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Beyond Consumer Culture

[P]sychological evidence suggests that is is close relationships, a meaningful life, economic security, and health that contribute most to well-being. While there are marked improvements in happiness when people at low levels of income earn more (as their economic security improves and their range of opportunities grows), as incomes increase this extra earning power converts less effectively into increased happiness. In part, this may stem from people’s tendency to habituate to the consumption level they are exposed to. Goods that were once perceived as luxuries can over time be seen as entitlements or event necessities.

By the 1960s, for instance, the Japanese already viewed a fan, a washingmachine, and electric rice cookers as essential goods for a satisfactory living standard. In due course, a car, an air conditioner, and a color television were added to the list of “essentials.” And in the United States, 83 percent of people saw clothes dryers as a necessity in 2006. Even products around only a short time quickly become viewed as necessities. Half of Americans now think they must have a mobile phone, and one third of them see a high-speed Internet connection as essential.

Emphasis mine. From the State of the World 2010: Transforming Cultures. They also have a nice, WordPress-powered blog. (A necessity.) You can see the context of the quote in Google Books.

14 replies on “Beyond Consumer Culture”

I was just reading a similar passage last night in Raj Patel’s “The Value of Nothing”: http://amzn.to/b6nvPY.

I’d recommend the book to anyone who finds himself questioning our society’s perverse sanctity of consumerism and the general craziness of a self-extincting industrial society.

It’s impossible to be happy while engaging in constant material pursuit. It’s obviously much more fulfilling to find joy in what you already have or even what you haven’t. Of course, that’s much less profitable for corporations, and they are willing to spend billions of dollars to wreck enlightened thinking so they can prey on your weakened self-esteem.

Ugh…

Matt — thanks for the excerpt and links. The quote is so true — myself and my partner are trying to learn to live “off the grid”, and it’s amazing how dependent we are on things we don’t need. We are regularly discovering things that we can stop buying, and do without, make ourselves, or find a substitute for.

I’ve heard Worldwatch mentioned, but I’ve never taken the time to look them up. Their site looks like a treasure trove. Looks like there is going to be plenty of excellent reading on there.

Cheers!

Internet connectivity in any capacity would be essential at this point. Too much is being digitized and too much information is finding its way to online sources that it would be foolish to be without access to a computer plugged into the net.

When I was using other content management systems, I was happy I could publish myself on the Web and somehow take care of my content fairly easily. But now that I have WordPress, I find myself wanting more–! Arrgghh.. 😀

This made me think of a quote by Bertrand Russell….

“Very many people spend money in ways quite different from those that their natural tastes would enjoin, merely because the respect of their neighbors depends upon their possession of a good car and their ability to give good dinners. As a matter of fact, any man who can obviously afford a car but genuinely prefers travels or a good library will in the end be much more respected than if he behaved exactly like everyone else.”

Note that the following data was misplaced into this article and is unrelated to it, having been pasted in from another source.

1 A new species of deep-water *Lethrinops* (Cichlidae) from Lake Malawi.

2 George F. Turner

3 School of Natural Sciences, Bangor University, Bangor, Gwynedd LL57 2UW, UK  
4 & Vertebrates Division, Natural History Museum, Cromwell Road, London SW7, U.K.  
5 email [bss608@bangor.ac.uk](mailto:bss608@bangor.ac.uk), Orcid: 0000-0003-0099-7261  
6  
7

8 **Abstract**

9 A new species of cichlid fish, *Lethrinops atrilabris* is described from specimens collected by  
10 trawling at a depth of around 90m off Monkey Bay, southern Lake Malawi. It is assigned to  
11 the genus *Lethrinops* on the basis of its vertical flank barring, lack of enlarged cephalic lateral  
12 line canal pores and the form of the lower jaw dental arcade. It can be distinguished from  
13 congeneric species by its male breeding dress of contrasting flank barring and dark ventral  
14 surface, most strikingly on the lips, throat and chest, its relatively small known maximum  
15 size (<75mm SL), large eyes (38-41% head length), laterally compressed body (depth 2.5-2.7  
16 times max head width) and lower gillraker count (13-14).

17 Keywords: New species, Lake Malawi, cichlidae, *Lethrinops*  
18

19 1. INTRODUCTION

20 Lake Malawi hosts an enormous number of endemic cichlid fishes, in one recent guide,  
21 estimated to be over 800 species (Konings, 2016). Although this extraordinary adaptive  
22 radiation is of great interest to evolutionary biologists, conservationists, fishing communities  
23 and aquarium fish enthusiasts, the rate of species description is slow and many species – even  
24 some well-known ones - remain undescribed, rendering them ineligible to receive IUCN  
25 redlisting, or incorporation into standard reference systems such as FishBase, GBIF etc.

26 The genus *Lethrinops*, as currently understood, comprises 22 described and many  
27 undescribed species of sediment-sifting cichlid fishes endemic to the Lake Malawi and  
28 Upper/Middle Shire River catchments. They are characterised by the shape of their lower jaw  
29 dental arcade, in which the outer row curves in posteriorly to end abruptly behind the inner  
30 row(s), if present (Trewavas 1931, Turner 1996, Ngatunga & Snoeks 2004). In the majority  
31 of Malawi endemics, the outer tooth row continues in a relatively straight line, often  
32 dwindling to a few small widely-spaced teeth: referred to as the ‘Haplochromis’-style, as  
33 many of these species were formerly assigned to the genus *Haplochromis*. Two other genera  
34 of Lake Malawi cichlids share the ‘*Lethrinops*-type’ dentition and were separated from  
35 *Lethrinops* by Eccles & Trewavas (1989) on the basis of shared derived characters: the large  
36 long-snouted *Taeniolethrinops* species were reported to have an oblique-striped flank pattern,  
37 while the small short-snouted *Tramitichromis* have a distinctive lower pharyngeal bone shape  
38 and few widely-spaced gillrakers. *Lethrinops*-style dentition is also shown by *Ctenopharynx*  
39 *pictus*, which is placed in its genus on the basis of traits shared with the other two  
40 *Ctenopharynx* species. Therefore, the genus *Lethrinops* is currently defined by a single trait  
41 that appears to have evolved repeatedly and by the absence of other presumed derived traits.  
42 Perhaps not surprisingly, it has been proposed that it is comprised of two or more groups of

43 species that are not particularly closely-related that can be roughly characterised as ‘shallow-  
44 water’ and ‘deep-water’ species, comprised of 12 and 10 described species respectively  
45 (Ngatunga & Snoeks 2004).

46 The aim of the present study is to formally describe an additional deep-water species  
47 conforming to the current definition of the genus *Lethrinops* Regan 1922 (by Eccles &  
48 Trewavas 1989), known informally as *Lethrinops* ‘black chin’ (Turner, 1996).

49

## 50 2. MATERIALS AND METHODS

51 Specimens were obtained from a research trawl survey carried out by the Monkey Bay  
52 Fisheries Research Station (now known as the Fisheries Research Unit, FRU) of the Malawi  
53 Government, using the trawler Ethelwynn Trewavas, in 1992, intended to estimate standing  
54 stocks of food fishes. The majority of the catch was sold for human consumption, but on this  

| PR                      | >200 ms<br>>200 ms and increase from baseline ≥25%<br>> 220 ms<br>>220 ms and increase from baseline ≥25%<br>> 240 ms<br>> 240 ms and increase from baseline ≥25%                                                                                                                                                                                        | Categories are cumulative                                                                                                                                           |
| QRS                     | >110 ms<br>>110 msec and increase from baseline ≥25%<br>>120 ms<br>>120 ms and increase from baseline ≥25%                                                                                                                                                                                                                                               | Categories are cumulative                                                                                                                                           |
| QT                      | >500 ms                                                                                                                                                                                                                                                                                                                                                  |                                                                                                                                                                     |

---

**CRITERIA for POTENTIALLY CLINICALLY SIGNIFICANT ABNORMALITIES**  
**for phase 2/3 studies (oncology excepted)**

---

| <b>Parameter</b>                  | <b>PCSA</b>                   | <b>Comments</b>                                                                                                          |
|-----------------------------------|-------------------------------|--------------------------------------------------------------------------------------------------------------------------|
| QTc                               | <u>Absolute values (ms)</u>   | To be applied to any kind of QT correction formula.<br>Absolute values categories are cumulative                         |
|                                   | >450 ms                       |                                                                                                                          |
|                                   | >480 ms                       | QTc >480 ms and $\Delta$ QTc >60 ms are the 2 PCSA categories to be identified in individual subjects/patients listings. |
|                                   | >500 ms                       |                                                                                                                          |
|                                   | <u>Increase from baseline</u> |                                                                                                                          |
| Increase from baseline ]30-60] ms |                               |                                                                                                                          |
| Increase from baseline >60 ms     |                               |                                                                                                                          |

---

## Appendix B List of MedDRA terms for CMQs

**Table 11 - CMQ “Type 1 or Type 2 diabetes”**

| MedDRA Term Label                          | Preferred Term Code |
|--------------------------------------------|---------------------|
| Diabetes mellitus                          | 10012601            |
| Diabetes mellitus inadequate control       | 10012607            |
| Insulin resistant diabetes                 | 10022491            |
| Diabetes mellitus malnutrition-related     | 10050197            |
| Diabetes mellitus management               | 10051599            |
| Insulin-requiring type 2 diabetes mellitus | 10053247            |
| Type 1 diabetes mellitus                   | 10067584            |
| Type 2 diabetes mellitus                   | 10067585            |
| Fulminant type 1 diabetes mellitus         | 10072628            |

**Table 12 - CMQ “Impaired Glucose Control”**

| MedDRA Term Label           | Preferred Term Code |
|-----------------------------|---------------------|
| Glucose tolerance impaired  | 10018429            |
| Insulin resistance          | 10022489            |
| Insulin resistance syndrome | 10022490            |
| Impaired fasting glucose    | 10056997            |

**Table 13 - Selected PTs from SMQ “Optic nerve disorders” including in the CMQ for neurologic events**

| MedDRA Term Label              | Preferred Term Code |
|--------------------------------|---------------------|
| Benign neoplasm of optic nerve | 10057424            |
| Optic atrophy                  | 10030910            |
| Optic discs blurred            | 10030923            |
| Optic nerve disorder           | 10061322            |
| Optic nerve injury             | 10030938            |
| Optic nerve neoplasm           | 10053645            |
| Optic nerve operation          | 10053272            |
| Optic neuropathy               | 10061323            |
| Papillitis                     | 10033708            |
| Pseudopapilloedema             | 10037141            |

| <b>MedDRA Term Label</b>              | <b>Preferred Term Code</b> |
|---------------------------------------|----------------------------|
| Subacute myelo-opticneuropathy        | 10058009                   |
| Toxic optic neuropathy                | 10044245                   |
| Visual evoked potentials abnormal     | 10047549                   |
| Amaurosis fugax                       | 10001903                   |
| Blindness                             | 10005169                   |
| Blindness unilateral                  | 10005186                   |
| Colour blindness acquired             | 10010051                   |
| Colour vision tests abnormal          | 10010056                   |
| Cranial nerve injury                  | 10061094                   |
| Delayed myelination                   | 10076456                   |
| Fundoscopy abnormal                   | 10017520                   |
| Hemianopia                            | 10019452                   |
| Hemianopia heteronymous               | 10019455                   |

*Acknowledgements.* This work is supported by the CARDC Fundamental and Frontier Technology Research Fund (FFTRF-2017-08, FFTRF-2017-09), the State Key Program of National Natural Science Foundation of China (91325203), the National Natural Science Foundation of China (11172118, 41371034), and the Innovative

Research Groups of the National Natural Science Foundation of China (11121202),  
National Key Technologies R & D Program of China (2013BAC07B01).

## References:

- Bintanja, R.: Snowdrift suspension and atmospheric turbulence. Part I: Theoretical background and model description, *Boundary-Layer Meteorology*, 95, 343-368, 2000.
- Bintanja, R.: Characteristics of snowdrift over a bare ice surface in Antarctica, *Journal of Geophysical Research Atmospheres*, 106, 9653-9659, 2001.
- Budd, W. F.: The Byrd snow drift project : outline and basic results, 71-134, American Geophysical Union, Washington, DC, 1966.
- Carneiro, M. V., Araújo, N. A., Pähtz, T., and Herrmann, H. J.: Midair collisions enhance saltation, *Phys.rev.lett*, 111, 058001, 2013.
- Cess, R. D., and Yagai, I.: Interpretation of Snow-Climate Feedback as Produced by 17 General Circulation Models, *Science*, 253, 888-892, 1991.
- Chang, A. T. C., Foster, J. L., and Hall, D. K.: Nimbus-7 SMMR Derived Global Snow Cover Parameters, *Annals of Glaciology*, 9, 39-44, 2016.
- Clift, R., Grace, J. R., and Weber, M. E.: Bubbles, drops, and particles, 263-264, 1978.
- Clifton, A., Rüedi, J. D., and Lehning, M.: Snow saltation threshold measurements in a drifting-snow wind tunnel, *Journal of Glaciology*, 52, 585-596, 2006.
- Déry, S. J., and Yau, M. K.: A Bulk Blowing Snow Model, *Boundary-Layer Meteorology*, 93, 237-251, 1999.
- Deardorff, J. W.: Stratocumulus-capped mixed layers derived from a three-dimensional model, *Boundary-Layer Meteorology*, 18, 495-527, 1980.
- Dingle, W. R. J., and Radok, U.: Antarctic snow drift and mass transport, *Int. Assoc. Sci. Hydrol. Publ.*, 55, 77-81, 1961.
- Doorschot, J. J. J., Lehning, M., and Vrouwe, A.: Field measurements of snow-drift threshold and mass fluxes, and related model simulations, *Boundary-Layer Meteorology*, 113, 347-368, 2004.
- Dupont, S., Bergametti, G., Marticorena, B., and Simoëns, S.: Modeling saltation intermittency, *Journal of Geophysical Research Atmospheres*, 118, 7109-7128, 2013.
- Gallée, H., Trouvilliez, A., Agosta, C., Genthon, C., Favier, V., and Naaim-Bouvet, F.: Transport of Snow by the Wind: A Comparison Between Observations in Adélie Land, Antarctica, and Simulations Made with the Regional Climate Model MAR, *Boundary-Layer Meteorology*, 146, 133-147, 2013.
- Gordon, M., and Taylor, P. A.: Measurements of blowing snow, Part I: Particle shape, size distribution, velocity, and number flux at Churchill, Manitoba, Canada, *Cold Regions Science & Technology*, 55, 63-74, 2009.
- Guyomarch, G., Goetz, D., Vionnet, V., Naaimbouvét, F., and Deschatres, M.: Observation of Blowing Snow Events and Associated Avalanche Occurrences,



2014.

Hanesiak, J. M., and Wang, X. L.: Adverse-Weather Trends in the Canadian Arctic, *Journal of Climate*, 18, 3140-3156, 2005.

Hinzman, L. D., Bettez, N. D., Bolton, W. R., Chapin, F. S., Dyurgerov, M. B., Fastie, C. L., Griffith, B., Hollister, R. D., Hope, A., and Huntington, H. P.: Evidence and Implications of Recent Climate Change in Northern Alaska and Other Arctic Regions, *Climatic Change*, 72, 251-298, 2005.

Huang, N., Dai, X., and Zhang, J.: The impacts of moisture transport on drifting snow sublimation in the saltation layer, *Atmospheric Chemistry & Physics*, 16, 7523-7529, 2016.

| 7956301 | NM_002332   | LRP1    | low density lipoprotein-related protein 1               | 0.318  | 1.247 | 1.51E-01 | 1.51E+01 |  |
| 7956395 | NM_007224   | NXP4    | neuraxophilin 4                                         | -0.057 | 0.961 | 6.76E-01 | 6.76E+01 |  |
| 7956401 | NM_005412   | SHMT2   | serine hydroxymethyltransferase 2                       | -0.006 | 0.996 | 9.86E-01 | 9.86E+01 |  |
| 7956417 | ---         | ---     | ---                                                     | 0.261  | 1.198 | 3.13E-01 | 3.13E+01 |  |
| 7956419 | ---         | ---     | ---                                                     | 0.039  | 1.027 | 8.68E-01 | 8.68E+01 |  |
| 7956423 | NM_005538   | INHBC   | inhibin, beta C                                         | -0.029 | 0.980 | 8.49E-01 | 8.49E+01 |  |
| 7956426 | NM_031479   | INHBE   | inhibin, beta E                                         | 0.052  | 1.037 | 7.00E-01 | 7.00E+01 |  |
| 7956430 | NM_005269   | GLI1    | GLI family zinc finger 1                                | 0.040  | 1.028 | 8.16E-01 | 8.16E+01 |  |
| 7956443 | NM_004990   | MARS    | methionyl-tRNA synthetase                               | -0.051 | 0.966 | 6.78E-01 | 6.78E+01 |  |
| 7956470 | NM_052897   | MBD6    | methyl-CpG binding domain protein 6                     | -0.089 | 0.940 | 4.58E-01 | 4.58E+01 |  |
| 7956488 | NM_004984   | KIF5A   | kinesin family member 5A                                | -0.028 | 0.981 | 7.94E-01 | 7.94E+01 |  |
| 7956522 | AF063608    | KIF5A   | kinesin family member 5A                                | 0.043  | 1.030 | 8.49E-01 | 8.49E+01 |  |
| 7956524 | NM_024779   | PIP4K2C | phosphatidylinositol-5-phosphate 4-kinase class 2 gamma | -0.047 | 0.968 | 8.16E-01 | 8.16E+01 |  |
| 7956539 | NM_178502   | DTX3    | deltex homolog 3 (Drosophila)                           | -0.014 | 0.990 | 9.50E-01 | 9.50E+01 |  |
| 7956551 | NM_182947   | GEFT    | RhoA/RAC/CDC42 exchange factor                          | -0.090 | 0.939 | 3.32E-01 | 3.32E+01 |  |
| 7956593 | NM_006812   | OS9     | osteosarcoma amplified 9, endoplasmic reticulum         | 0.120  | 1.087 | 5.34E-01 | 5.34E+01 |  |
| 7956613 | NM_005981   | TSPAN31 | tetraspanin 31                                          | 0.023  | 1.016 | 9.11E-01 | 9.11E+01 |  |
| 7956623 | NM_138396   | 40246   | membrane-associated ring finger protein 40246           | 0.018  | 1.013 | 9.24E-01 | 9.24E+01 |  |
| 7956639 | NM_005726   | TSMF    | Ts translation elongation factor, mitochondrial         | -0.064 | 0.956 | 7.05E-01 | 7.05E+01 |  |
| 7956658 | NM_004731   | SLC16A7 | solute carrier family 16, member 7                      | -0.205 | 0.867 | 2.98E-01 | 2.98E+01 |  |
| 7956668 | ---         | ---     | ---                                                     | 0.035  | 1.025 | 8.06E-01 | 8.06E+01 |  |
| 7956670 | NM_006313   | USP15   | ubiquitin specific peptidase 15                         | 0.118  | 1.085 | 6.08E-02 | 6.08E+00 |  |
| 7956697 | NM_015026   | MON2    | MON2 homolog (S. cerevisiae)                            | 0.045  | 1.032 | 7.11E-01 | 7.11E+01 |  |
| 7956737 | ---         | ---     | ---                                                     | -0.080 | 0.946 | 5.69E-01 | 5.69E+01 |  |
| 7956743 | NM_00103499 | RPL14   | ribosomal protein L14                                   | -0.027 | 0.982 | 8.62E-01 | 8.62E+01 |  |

– Bertrand Russell, The Conquest of Happiness

I would live in a ten times cheaper house or apartment, have no cable, and dry my clothes outside if it meant I could still have high speed internet.

I was completely puzzled last week when a client told me ” We are going to have to pass on the house since it does not have a media room”

Granite countertops, stainless steel appliances etc are becoming the norm.

I enjoy traveling to third world countries where you notice people live with very basic standards and they are very happy individuals….:) Some villagers have to wake up and walk a solid hour just to bring water for the day to their household…..

🙂 🙂

Concentrating too closely on how increasing material possessions does not increase happiness misses the other more important assertions in that quote– “close relationships, a meaningful life, economic security, and health … contribute most to well-being.”

Seeing how most jobs postings are online, internet is almost a necessity just like the phone is, because employers kind of expect you to have it, well most anyway.

I fall in love all over again, every time I use my electric water dispenser (it heats water for tea and such). That and my internet access is a daily reminder that I live in the future, and it gives me the focus to work on helping others.

Seriously, I frickin’ love that water dispenser! ^_^

Recently read an article in Good Housekeeping magazine (September 2009) and was struck by the following thought: “While we’d once spent lazy afternoons reading in the park, we now spent them shuffling through stores in search of that spiffy new stereo (you know, the one that plays five CD’s instead of three) or stylish coffee table to replace the nicked up wooden one. When we weren’t acquiring these treasures, we were working to afford, maintain and re-arrange them- and , ultimately, shuffle them off to Goodwill or storage.” Kim Croft Miller

It resonated with me, anybody else?

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